at the point where her speed increased
along the road to health,
and, for selfishness’ sake, I fear what that may mean.

But for the sake of you,
may wherever you are
be the place where you wish to be,
and may the atheism my father forced into me
be cruel falsity,
at least for those of true goodness and certainty, such as you,
so that, should you finally have left this terrestial plain,
you shall be making heavenly music on a celestial piano,
accompanied by the sweet harps of angels,
while other great peacemakers
listen and appreciate,
in the high place
where you deserve to spend eternity.

Anton, you did so much for me,
for more than this crude poem can explain.
I will always think dearly of you,
and I hope that someday, somehow, we may meet again.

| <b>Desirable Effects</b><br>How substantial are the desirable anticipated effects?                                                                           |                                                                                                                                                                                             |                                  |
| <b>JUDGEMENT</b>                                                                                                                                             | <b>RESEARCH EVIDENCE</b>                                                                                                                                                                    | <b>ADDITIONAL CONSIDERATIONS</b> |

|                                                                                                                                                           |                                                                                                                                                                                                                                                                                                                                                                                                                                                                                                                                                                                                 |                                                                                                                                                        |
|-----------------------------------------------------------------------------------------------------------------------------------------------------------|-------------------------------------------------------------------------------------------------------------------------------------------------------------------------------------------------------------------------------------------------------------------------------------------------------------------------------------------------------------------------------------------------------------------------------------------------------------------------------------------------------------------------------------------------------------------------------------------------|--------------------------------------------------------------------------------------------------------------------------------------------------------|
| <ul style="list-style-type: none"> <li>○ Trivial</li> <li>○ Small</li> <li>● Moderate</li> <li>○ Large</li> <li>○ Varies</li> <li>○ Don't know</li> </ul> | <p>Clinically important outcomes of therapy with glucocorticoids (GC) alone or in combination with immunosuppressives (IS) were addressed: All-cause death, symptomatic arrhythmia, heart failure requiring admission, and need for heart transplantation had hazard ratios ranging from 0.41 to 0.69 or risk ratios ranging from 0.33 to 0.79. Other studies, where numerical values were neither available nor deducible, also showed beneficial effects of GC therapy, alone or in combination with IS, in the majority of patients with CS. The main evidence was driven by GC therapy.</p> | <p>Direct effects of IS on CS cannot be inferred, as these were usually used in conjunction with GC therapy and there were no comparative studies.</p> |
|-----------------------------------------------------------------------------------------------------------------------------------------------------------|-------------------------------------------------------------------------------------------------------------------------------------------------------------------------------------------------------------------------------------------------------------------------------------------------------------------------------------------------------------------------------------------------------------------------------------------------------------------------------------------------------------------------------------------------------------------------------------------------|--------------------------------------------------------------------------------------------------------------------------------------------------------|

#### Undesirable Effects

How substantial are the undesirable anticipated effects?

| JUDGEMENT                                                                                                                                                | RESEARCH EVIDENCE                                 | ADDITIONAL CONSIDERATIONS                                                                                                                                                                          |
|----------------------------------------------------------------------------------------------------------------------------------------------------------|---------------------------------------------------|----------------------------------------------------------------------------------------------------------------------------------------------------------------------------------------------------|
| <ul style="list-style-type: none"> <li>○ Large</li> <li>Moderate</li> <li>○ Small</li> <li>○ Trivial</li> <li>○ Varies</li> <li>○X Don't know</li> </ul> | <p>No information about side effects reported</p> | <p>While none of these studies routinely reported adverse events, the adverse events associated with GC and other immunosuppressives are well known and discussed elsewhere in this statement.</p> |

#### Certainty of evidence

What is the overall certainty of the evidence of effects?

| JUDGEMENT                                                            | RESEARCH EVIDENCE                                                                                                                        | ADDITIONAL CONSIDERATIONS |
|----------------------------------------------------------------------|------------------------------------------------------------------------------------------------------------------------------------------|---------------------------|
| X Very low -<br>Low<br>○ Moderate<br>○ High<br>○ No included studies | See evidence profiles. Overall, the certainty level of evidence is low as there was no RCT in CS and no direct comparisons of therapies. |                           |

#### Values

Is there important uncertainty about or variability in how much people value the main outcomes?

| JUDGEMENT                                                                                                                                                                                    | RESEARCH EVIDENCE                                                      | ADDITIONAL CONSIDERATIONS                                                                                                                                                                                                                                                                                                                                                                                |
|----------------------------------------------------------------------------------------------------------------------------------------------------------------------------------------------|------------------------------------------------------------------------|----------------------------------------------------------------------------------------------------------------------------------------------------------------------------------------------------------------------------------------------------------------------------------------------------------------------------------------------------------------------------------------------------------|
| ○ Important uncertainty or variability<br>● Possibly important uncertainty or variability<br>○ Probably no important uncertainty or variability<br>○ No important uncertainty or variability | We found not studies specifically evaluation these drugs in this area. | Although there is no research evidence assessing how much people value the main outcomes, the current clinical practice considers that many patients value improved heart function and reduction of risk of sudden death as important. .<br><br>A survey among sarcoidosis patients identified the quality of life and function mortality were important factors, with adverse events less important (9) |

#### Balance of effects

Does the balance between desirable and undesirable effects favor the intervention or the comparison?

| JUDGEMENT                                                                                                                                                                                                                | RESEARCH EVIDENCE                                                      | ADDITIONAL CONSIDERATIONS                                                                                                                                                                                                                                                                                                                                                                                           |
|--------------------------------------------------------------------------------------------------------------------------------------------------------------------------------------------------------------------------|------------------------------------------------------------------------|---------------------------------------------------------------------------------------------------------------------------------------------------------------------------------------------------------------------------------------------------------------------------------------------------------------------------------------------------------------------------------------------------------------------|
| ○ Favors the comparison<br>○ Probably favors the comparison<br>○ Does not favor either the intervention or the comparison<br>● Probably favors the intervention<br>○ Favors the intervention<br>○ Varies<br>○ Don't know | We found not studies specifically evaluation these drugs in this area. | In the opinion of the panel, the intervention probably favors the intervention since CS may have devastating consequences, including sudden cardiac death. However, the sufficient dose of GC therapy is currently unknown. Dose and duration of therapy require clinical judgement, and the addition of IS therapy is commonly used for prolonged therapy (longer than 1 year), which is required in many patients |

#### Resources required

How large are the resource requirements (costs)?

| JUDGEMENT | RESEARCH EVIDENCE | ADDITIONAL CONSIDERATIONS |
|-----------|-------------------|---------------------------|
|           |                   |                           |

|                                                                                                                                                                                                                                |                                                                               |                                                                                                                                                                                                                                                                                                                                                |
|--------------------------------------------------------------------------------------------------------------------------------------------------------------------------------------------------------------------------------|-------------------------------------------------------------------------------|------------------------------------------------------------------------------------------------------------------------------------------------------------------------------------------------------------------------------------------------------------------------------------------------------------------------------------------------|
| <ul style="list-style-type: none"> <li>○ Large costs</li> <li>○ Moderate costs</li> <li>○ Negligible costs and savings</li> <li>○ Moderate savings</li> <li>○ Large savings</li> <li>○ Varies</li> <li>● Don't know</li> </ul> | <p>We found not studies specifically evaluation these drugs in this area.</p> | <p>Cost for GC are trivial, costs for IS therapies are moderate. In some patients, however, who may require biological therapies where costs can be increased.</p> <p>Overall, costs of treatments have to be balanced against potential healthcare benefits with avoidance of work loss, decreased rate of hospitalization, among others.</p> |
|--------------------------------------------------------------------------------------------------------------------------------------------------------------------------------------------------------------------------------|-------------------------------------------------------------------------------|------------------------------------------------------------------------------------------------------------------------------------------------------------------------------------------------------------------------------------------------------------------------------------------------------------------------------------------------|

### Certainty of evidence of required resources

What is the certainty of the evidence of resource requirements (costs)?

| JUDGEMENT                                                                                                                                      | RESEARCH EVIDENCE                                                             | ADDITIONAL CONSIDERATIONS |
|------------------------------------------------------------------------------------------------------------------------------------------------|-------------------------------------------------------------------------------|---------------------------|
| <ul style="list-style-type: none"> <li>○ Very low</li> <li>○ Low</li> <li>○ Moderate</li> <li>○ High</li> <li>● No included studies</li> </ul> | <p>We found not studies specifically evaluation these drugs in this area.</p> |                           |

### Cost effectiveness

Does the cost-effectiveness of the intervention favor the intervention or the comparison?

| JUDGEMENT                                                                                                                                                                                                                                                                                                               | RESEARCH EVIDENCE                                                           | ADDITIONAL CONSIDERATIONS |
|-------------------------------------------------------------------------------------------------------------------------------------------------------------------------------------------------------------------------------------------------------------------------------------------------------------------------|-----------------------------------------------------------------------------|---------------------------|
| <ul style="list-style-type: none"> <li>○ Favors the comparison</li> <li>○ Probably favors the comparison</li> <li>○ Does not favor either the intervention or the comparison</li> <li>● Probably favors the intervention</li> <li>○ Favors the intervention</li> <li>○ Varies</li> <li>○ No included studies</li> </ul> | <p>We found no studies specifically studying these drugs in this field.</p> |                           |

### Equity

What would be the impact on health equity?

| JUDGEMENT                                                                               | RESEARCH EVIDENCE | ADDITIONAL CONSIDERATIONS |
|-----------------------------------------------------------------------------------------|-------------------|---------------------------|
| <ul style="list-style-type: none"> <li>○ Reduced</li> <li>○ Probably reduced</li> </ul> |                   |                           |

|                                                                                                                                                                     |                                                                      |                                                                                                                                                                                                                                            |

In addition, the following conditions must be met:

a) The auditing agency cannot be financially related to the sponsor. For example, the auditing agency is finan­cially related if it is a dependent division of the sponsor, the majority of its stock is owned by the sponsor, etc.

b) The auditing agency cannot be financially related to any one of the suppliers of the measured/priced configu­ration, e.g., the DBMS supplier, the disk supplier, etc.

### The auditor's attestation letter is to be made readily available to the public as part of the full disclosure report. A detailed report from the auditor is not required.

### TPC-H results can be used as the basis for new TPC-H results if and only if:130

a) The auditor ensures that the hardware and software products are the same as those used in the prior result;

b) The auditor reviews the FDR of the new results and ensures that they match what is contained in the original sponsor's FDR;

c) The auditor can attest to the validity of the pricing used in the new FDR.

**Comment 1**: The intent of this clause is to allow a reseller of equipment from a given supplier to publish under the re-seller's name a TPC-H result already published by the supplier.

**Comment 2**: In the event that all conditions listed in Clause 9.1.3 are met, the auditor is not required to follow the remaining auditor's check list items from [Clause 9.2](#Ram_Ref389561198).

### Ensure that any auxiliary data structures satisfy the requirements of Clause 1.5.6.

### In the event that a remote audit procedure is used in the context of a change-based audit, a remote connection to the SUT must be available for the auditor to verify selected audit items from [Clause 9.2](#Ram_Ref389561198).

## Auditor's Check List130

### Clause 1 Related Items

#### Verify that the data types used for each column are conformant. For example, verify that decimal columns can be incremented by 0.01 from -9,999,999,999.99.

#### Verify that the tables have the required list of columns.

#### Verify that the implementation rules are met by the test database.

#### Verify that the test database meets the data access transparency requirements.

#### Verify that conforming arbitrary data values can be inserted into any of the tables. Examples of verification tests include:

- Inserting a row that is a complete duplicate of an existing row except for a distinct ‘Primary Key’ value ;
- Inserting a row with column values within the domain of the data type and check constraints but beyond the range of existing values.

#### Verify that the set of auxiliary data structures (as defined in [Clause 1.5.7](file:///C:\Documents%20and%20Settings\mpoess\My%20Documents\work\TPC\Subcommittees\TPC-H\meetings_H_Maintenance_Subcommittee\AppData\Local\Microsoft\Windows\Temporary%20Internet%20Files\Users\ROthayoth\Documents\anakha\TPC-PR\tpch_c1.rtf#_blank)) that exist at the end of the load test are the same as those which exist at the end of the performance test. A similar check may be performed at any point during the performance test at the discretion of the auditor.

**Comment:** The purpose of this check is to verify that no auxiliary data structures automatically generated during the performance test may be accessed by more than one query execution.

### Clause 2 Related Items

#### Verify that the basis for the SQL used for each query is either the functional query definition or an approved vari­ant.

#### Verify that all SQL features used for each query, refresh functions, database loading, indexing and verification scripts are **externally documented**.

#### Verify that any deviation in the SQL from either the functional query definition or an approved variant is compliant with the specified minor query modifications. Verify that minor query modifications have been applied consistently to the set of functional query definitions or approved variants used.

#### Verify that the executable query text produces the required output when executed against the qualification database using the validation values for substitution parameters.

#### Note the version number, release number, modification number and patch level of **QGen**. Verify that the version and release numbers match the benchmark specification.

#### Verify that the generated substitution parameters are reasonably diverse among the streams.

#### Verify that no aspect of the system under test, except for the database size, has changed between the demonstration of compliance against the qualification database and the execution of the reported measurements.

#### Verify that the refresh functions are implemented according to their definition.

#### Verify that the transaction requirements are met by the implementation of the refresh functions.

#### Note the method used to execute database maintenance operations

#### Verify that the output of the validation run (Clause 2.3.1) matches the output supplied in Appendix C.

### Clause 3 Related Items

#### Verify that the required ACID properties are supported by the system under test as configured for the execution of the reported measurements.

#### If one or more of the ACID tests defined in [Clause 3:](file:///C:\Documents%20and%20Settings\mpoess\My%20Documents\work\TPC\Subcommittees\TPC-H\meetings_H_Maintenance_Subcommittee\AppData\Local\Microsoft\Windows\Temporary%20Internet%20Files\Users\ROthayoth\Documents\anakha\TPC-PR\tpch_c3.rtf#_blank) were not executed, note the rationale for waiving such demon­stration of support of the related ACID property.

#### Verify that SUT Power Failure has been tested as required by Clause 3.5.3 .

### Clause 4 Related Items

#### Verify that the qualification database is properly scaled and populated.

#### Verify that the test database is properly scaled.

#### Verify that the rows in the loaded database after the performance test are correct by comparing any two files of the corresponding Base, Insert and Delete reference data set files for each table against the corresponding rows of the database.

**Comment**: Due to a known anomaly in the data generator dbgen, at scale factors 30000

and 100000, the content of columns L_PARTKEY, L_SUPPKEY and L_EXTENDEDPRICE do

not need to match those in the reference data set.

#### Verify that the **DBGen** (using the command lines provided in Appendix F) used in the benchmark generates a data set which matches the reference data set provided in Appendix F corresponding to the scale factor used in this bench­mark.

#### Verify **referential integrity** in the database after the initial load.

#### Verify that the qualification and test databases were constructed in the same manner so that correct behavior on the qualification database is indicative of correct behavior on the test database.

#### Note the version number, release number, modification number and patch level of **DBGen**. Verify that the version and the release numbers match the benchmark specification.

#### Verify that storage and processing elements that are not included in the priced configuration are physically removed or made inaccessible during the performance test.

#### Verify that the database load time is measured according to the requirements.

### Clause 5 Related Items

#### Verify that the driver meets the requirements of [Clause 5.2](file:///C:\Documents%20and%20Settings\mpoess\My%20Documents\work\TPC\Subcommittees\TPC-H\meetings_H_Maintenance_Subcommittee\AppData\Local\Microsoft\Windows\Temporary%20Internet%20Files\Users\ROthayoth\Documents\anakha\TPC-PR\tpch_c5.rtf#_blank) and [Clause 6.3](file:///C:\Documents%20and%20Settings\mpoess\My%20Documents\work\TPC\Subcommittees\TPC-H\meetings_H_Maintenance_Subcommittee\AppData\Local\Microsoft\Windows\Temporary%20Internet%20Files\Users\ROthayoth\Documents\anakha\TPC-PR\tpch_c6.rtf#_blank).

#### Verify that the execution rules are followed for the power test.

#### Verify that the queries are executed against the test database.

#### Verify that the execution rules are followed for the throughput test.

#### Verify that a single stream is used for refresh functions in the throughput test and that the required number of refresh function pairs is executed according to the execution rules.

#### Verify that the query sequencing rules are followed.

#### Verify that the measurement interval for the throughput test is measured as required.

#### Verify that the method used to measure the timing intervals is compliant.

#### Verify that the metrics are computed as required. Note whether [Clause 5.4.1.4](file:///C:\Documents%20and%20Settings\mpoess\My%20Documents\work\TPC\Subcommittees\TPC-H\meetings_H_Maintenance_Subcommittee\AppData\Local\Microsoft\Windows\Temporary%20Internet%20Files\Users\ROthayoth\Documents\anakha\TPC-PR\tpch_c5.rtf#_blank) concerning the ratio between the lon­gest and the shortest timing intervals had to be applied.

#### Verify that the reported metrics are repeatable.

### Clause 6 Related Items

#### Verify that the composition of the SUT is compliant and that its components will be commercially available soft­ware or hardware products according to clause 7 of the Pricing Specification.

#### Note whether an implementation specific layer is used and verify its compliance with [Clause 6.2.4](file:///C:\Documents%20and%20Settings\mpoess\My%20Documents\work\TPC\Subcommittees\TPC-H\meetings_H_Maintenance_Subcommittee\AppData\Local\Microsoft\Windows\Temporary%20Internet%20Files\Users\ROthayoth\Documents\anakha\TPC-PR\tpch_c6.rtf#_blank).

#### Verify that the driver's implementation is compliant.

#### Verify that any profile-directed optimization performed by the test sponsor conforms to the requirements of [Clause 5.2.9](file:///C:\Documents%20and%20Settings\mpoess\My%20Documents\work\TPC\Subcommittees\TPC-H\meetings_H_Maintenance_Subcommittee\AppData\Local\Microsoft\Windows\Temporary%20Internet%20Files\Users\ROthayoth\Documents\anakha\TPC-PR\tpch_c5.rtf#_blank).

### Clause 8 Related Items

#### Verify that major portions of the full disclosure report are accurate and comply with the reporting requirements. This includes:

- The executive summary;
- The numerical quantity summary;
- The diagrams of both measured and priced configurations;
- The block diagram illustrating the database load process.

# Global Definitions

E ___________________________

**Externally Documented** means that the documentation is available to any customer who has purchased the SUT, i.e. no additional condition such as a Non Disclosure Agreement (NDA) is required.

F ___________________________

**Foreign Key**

xxx

©Jane Paterson Basil

My Reprieve

flowers_two

Lost in a mire
for half their lives and more,
two children, their maturity halted by addiction…

…and I could point my finger at causes,
or take the blame upon myself.
I could break down in shame and remorse,
but the past would remain the same.

I could try to turn back time
and change the way their lives became;
as if I may find relief in the madness
of that aspect of grief.

I could do all these things and more;
these sad practices I acted out a thousand times before,
but they relieved me of my feeble susceptibility,
when they exchanged lies and deceit for honest fight.
Each day they draw clean swords, and slash at their demons,
and with each clash the demons get weaker.

They are retrieving their lives,
thereby returning mine to me,
and so I say, with gratitude and pride,
Thank you for all you have achieved.
Thank you for the reprieve.

A tribute to my two younger children, Laura and Paul.

The Daily Post #Reprieve

©Jane Paterson Basil